Despite the recent financial downturn for manysolarcompanies, worldwide capacity will continue to expand.
SunPower today announced it will open a module manufacturing facility in Mexicali, Mexico in a 320,000-square foot building that already exists. The facility will produce regular solar modules as well as solar roof tiles.
It's not a great week for solar. Companies are being forced to sell more solar panels at lower prices to achieve the same revenue levels seen in earlier quarters. Profitless prosperity: it's like running to stay in place. Late last month, SunPower said that its gross margin would be lower and its net losses would be higher for the second quarter than anticipated because of declining prices in the market. (Earnings come out August 9.) Meanwhile, arch rival First Solar yesterday reported lower-than-expected financial results and lowered guidance for the year, the result of pricing pressure.
Nonetheless, shipments are expected to continue to increase in the coming years. Thus, to stay in the game, companies will have to invest in new capacity regardless of the pricing situation. When the ultimate shakeout occurs, the survivors will finally reap the benefit of a large, established global market: that formula worked in the IT space. Total, the oil and gas giant that bought a majority stake in SunPower earlier this year, will likely make it easier for SunPower to get access to comparatively inexpensive capital.
--The clean economy employs 2.7 million people, says the Brookings Institute. It is also export-intensive. "Seven of the 21 states with at least 50,000 clean economy jobs are in the South. Among all the states, California has the highest number of clean jobs, but Alaska and Oregon have the most per worker," the report states. You can get a lot more facts from the report here.
--ARC Energy, a New Hampshire-based company that makes equipment for producing the sapphire substrates required by LED manufacturers, says it signed contracts with two Asian manufacturers worth $96.9 million. LED manufacturers are in a similar situation to solar companies right now: record sales, declining prices, and pressure to expand capacity. Samsung has been investing heavily in manufacturing equipment. To keep up with orders, ARC will expand its own factory capacity by 30,000 square feet.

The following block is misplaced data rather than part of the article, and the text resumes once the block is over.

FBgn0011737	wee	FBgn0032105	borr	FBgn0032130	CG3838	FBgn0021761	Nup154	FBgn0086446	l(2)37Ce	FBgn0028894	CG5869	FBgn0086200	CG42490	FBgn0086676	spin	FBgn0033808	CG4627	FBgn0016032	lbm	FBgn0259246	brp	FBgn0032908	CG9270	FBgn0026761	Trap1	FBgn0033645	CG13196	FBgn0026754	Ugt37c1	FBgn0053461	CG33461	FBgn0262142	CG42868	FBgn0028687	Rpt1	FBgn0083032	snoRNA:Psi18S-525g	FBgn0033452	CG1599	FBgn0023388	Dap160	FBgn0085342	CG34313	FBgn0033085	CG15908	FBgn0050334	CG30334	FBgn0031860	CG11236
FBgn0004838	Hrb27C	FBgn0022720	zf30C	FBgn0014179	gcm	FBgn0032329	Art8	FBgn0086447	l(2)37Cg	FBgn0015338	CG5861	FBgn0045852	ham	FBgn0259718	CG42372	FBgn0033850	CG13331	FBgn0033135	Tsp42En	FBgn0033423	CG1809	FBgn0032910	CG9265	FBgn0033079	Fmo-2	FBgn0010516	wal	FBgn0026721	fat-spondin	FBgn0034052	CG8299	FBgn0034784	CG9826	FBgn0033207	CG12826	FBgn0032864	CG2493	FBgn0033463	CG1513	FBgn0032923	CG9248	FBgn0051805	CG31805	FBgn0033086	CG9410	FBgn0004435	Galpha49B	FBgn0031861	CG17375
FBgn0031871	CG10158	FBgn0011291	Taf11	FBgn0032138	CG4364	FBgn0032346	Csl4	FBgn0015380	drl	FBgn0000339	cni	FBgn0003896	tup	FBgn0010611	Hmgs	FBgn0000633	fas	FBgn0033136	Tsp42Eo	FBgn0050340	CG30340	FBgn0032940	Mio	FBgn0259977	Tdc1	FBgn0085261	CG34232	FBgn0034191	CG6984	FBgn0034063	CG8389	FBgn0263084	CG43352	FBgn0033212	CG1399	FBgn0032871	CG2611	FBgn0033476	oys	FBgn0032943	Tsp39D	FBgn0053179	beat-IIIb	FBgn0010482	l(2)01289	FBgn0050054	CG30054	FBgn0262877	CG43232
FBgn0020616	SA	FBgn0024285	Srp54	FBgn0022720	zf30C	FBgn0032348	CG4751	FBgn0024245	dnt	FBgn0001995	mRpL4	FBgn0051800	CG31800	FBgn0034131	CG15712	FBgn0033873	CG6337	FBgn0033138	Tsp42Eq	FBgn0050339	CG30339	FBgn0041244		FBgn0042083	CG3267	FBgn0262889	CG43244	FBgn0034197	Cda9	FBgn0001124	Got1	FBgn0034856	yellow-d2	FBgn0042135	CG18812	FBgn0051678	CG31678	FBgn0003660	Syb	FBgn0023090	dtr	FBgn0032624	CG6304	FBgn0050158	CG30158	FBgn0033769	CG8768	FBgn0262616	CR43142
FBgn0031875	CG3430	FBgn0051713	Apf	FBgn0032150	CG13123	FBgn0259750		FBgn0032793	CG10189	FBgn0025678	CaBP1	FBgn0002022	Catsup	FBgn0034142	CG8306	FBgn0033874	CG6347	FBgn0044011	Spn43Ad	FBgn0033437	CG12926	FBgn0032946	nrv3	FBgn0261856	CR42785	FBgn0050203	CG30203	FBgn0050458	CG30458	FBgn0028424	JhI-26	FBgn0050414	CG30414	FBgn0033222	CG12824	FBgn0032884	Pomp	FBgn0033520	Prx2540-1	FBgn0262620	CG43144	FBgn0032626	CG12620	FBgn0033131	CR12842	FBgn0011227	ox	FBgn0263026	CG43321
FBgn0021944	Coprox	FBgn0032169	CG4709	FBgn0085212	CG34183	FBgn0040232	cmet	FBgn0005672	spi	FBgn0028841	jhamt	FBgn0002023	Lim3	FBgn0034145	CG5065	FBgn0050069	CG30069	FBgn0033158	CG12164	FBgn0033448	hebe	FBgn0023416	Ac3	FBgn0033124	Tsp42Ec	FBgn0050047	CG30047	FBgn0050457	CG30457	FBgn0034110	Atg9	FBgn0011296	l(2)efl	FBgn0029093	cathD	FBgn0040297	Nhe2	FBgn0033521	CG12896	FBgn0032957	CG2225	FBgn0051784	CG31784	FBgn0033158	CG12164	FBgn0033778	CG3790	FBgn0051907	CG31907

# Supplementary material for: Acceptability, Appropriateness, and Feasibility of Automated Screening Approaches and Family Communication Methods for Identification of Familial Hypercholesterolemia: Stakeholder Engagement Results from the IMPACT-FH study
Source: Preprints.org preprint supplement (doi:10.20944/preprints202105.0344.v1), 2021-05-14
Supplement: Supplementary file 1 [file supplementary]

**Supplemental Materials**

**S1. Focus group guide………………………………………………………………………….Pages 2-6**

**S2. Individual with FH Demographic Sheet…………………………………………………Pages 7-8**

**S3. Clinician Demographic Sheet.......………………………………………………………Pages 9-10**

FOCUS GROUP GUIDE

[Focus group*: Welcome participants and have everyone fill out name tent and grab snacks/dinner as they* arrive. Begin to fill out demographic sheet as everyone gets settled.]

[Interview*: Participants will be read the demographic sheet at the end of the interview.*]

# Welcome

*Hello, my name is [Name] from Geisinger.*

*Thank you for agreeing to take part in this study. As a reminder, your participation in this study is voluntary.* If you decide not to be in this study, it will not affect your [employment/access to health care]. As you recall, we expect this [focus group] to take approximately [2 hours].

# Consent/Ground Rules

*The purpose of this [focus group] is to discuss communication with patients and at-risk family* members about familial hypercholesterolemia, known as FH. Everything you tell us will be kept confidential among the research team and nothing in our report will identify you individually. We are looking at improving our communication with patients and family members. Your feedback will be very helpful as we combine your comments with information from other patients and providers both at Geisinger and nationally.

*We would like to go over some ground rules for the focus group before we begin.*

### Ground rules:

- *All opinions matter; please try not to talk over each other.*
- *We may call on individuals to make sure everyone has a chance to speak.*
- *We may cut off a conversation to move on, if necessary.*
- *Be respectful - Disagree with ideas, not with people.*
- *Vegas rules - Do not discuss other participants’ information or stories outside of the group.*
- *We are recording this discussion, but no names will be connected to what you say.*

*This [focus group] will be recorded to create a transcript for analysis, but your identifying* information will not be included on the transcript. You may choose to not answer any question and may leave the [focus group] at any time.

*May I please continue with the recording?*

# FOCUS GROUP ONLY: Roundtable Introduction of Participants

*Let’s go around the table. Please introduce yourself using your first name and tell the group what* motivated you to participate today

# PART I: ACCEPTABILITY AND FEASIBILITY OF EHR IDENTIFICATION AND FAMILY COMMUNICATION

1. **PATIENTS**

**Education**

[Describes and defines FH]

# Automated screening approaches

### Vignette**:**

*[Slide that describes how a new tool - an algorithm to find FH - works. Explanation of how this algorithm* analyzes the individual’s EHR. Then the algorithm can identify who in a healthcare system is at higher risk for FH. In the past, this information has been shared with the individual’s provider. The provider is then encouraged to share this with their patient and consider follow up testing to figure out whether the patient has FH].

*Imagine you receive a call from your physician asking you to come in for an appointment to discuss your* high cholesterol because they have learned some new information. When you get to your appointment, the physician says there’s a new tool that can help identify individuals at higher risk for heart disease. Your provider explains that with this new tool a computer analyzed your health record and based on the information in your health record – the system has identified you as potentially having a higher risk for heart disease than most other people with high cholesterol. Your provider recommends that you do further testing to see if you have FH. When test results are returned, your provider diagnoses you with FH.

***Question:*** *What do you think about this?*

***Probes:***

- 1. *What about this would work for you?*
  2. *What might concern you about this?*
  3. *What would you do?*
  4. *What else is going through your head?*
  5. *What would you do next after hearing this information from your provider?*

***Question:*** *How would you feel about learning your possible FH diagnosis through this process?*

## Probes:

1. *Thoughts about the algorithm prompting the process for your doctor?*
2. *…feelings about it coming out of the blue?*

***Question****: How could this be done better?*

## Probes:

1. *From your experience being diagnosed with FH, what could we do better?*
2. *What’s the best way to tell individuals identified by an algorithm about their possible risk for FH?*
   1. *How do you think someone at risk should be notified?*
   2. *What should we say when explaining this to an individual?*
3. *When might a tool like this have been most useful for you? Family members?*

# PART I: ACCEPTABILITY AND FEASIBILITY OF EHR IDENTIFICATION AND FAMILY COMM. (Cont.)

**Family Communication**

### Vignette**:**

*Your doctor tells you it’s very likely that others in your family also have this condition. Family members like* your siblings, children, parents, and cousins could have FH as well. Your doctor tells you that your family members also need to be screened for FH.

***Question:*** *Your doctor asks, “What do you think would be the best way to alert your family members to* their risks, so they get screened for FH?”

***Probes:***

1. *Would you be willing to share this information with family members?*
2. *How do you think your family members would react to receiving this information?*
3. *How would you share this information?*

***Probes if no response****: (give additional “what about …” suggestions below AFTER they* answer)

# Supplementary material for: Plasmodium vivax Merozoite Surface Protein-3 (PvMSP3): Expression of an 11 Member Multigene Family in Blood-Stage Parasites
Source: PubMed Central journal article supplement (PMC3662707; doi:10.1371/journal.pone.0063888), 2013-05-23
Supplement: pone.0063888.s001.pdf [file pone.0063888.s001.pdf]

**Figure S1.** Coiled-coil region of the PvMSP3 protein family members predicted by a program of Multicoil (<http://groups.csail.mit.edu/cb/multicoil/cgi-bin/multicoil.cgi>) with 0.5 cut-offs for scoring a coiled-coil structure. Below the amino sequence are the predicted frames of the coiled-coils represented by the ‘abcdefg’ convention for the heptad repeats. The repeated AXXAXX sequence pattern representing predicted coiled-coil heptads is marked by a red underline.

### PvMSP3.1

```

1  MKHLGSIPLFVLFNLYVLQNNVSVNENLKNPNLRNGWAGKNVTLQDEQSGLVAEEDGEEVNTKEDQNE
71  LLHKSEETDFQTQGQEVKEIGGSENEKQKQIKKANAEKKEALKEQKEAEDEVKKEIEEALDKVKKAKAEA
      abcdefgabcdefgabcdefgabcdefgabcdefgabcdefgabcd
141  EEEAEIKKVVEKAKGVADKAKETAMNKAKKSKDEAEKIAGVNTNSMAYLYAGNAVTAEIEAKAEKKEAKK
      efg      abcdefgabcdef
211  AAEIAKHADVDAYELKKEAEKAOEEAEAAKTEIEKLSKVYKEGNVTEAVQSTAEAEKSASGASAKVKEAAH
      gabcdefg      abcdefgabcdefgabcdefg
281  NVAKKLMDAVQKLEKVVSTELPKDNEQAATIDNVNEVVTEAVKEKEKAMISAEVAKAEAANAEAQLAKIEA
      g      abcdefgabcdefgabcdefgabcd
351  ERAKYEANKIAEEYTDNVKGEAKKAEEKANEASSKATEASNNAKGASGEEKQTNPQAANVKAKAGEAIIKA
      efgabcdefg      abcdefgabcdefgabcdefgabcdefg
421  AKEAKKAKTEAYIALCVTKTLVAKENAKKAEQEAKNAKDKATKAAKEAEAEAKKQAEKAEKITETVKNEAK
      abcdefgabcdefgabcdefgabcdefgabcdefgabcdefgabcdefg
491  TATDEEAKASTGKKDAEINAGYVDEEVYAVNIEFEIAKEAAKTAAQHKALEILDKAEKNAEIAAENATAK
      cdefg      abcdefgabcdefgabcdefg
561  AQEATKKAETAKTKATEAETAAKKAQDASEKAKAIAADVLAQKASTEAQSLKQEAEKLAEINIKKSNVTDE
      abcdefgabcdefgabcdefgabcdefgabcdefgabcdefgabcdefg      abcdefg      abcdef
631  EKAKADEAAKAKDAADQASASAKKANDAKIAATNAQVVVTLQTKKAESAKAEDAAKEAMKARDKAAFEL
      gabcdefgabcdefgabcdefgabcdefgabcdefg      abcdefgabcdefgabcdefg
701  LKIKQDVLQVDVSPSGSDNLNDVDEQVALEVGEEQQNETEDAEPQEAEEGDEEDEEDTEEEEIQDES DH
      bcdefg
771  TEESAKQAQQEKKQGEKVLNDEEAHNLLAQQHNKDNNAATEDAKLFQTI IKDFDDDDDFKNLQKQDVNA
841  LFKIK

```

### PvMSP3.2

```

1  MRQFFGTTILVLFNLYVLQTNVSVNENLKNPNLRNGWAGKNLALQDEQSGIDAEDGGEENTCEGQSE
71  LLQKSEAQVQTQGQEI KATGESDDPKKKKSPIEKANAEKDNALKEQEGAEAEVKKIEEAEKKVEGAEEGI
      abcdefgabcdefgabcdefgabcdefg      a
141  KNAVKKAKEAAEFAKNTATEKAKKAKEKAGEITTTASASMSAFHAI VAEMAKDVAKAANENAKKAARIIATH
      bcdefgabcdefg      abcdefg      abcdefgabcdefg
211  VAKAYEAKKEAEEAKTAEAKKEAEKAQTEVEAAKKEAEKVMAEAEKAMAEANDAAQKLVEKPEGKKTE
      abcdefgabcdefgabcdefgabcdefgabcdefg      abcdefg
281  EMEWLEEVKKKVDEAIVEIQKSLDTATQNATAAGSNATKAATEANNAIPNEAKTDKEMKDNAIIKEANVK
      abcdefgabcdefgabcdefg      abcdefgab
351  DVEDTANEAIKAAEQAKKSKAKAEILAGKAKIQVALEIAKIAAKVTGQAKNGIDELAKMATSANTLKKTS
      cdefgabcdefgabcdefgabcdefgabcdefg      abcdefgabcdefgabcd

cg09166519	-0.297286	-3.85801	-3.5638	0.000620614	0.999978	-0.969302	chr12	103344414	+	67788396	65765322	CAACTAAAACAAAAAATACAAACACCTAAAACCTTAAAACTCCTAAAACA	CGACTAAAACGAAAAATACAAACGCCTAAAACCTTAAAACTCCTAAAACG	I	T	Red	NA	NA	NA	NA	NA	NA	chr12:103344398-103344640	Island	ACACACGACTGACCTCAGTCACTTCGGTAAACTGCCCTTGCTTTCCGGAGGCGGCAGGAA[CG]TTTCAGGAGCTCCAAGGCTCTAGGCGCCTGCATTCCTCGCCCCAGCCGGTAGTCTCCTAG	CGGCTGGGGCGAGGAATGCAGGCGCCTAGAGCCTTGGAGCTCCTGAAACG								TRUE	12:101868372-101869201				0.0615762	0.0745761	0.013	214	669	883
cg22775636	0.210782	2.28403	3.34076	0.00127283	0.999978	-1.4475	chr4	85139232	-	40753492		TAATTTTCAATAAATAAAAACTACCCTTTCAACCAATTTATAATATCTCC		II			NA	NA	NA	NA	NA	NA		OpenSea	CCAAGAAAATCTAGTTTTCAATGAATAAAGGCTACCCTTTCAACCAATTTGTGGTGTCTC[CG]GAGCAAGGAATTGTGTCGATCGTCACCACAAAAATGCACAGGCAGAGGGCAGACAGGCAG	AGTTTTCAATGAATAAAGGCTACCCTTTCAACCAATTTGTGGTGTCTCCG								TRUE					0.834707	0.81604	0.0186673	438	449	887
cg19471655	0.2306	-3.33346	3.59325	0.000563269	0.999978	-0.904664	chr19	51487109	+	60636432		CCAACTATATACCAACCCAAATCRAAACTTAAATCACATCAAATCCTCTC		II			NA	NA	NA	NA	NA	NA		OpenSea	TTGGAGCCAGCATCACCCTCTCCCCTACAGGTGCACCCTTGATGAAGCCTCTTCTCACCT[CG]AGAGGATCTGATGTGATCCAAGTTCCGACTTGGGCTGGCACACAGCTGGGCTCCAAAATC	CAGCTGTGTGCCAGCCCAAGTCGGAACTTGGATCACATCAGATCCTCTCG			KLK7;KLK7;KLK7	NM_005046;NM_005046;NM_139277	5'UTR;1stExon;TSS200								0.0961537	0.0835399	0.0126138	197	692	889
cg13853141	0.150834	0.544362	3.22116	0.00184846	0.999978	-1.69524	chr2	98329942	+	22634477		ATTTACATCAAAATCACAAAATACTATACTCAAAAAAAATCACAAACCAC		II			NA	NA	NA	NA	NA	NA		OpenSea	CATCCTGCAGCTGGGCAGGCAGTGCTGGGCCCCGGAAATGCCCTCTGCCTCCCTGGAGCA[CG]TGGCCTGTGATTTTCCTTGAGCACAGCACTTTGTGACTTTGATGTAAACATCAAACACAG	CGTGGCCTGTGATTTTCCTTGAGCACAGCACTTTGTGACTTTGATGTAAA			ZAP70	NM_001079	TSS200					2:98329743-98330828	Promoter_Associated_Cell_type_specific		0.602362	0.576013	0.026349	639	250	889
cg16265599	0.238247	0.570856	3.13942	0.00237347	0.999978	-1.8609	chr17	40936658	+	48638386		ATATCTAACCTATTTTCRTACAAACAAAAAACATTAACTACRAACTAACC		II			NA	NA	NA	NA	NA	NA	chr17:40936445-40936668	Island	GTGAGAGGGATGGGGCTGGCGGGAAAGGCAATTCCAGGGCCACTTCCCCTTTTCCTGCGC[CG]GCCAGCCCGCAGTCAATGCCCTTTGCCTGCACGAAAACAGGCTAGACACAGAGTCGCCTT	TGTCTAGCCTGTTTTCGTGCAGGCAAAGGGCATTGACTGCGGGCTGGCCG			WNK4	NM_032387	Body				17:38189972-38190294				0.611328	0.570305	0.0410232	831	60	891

Semiconductor equipment vendors typically get acquired before they IPO, so it wouldn't be surprising in the next few years if Applied Materials, which is putting more emphasis on lighting, or a competitor buys ARC.
--Soltas Energy formally launched today. Founded by Andrew Barron Worden at Barron Partners, the company is buying majority stakes -- typically around 60 percent -- in prominent commercial solar installers in select states. It already has lined up partners in Tennessee, Connecticut and New Jersey, and the future might bring partners in Nevada, California, Arizona and/or New Mexico. (See earlier story from Intersolar.)
Once under the Soltas umbrella, these installers then begin to seek out commercial rooftop opportunities, erect them and then sell the power back to the building owner or some other party under a power purchase agreement. By 2016, the company wants to control a gigawatt.
Ideally, the company will be able to leverage established local relationships while taking advantage of discounts with panel makers and others signed by the central office. If you are a local installer, it might be worthwhile to check it out. Worden is also quite an engaging character. He and his brother (the founder of inverter maker Solectria) paid their way through Harvard and MIT with funds earned from their high school landscaping business.
--Finally, for you startups seeking funds, try Inerjys in Canada. The firm, new to us, functions almost like a combination of a VC firm and a power provider. It invests in green technology companies, and then incorporates the technologies into firm-funded facilities. Ideally, potential customers and, later, investors will have real-world results they can examine.